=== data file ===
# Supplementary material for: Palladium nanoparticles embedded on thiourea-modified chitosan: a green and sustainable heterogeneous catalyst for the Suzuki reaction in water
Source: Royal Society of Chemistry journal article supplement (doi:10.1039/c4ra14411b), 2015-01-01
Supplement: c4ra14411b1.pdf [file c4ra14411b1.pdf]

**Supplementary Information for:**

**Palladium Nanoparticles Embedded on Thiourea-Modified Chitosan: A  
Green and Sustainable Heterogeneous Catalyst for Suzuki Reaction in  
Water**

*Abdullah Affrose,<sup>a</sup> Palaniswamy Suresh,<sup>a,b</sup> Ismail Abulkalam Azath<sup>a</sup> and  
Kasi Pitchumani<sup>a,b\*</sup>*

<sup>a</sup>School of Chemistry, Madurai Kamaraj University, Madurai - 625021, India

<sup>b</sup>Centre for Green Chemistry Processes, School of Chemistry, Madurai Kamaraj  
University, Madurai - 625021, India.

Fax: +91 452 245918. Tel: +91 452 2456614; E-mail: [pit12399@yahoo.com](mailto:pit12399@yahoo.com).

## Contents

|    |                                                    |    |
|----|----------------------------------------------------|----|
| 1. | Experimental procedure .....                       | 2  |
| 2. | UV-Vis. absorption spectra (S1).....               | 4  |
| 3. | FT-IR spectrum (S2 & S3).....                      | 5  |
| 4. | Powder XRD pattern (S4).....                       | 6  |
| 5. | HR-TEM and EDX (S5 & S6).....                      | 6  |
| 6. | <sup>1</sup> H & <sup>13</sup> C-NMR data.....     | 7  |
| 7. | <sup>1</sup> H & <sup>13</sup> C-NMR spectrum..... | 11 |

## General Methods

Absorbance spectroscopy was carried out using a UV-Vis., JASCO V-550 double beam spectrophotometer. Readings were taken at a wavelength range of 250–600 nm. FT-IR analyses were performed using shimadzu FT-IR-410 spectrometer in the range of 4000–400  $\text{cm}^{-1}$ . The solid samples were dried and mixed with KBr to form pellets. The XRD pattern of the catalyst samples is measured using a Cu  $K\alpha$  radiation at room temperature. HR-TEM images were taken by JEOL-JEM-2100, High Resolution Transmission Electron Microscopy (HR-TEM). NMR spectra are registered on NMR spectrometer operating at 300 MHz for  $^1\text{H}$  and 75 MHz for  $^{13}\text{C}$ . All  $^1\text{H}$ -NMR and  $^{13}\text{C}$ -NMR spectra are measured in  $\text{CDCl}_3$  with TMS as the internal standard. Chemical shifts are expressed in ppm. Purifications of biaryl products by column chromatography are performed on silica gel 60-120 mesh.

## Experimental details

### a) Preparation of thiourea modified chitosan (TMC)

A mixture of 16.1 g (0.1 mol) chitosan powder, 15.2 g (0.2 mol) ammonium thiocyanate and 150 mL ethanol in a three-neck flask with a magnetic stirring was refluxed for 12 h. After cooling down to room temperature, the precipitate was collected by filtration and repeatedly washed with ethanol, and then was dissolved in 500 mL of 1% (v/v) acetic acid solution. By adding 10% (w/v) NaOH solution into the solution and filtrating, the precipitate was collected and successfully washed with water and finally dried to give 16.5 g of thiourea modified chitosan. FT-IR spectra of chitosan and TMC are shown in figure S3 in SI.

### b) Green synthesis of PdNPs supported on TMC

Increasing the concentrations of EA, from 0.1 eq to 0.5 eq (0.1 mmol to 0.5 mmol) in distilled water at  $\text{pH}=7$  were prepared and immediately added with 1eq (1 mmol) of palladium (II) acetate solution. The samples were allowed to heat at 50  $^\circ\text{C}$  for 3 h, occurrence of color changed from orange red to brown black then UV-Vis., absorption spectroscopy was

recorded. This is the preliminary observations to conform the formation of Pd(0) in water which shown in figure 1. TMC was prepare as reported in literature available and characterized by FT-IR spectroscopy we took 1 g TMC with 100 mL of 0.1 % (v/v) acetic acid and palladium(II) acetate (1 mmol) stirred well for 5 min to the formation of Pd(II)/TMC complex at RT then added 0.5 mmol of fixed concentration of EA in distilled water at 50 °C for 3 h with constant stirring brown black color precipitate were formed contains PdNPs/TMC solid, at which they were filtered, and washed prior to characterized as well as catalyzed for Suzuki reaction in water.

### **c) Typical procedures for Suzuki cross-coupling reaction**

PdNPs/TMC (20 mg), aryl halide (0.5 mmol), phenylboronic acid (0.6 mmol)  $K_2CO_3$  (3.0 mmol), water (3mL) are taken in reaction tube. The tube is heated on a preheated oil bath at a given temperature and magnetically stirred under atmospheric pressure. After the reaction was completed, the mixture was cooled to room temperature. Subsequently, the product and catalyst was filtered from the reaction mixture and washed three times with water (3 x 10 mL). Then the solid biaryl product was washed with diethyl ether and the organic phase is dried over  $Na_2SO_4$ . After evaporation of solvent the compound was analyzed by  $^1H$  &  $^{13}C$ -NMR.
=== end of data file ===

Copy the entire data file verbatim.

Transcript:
# Supplementary material for: Palladium nanoparticles embedded on thiourea-modified chitosan: a green and sustainable heterogeneous catalyst for the Suzuki reaction in water
Source: Royal Society of Chemistry journal article supplement (doi:10.1039/c4ra14411b), 2015-01-01
Supplement: c4ra14411b1.pdf [file c4ra14411b1.pdf]

**Supplementary Information for:**

**Palladium Nanoparticles Embedded on Thiourea-Modified Chitosan: A  
Green and Sustainable Heterogeneous Catalyst for Suzuki Reaction in  
Water**

*Abdullah Affrose,<sup>a</sup> Palaniswamy Suresh,<sup>a,b</sup> Ismail Abulkalam Azath<sup>a</sup> and  
Kasi Pitchumani<sup>a,b\*</sup>*

<sup>a</sup>School of Chemistry, Madurai Kamaraj University, Madurai - 625021, India

<sup>b</sup>Centre for Green Chemistry Processes, School of Chemistry, Madurai Kamaraj  
University, Madurai - 625021, India.

Fax: +91 452 245918. Tel: +91 452 2456614; E-mail: [pit12399@yahoo.com](mailto:pit12399@yahoo.com).

## Contents

|    |                                                    |    |
|----|----------------------------------------------------|----|
| 1. | Experimental procedure .....                       | 2  |
| 2. | UV-Vis. absorption spectra (S1).....               | 4  |
| 3. | FT-IR spectrum (S2 & S3).....                      | 5  |
| 4. | Powder XRD pattern (S4).....                       | 6  |
| 5. | HR-TEM and EDX (S5 & S6).....                      | 6  |
| 6. | <sup>1</sup> H & <sup>13</sup> C-NMR data.....     | 7  |
| 7. | <sup>1</sup> H & <sup>13</sup> C-NMR spectrum..... | 11 |

## General Methods

Absorbance spectroscopy was carried out using a UV-Vis., JASCO V-550 double beam spectrophotometer. Readings were taken at a wavelength range of 250–600 nm. FT-IR analyses were performed using shimadzu FT-IR-410 spectrometer in the range of 4000–400  $\text{cm}^{-1}$ . The solid samples were dried and mixed with KBr to form pellets. The XRD pattern of the catalyst samples is measured using a Cu  $K\alpha$  radiation at room temperature. HR-TEM images were taken by JEOL-JEM-2100, High Resolution Transmission Electron Microscopy (HR-TEM). NMR spectra are registered on NMR spectrometer operating at 300 MHz for  $^1\text{H}$  and 75 MHz for  $^{13}\text{C}$ . All  $^1\text{H}$ -NMR and  $^{13}\text{C}$ -NMR spectra are measured in  $\text{CDCl}_3$  with TMS as the internal standard. Chemical shifts are expressed in ppm. Purifications of biaryl products by column chromatography are performed on silica gel 60-120 mesh.

## Experimental details

### a) Preparation of thiourea modified chitosan (TMC)

A mixture of 16.1 g (0.1 mol) chitosan powder, 15.2 g (0.2 mol) ammonium thiocyanate and 150 mL ethanol in a three-neck flask with a magnetic stirring was refluxed for 12 h. After cooling down to room temperature, the precipitate was collected by filtration and repeatedly washed with ethanol, and then was dissolved in 500 mL of 1% (v/v) acetic acid solution. By adding 10% (w/v) NaOH solution into the solution and filtrating, the precipitate was collected and successfully washed with water and finally dried to give 16.5 g of thiourea modified chitosan. FT-IR spectra of chitosan and TMC are shown in figure S3 in SI.

### b) Green synthesis of PdNPs supported on TMC

Increasing the concentrations of EA, from 0.1 eq to 0.5 eq (0.1 mmol to 0.5 mmol) in distilled water at  $\text{pH}=7$  were prepared and immediately added with 1eq (1 mmol) of palladium (II) acetate solution. The samples were allowed to heat at 50  $^\circ\text{C}$  for 3 h, occurrence of color changed from orange red to brown black then UV-Vis., absorption spectroscopy was

recorded. This is the preliminary observations to conform the formation of Pd(0) in water which shown in figure 1. TMC was prepare as reported in literature available and characterized by FT-IR spectroscopy we took 1 g TMC with 100 mL of 0.1 % (v/v) acetic acid and palladium(II) acetate (1 mmol) stirred well for 5 min to the formation of Pd(II)/TMC complex at RT then added 0.5 mmol of fixed concentration of EA in distilled water at 50 °C for 3 h with constant stirring brown black color precipitate were formed contains PdNPs/TMC solid, at which they were filtered, and washed prior to characterized as well as catalyzed for Suzuki reaction in water.

### **c) Typical procedures for Suzuki cross-coupling reaction**

PdNPs/TMC (20 mg), aryl halide (0.5 mmol), phenylboronic acid (0.6 mmol)  $K_2CO_3$  (3.0 mmol), water (3mL) are taken in reaction tube. The tube is heated on a preheated oil bath at a given temperature and magnetically stirred under atmospheric pressure. After the reaction was completed, the mixture was cooled to room temperature. Subsequently, the product and catalyst was filtered from the reaction mixture and washed three times with water (3 x 10 mL). Then the solid biaryl product was washed with diethyl ether and the organic phase is dried over  $Na_2SO_4$ . After evaporation of solvent the compound was analyzed by  $^1H$  &  $^{13}C$ -NMR.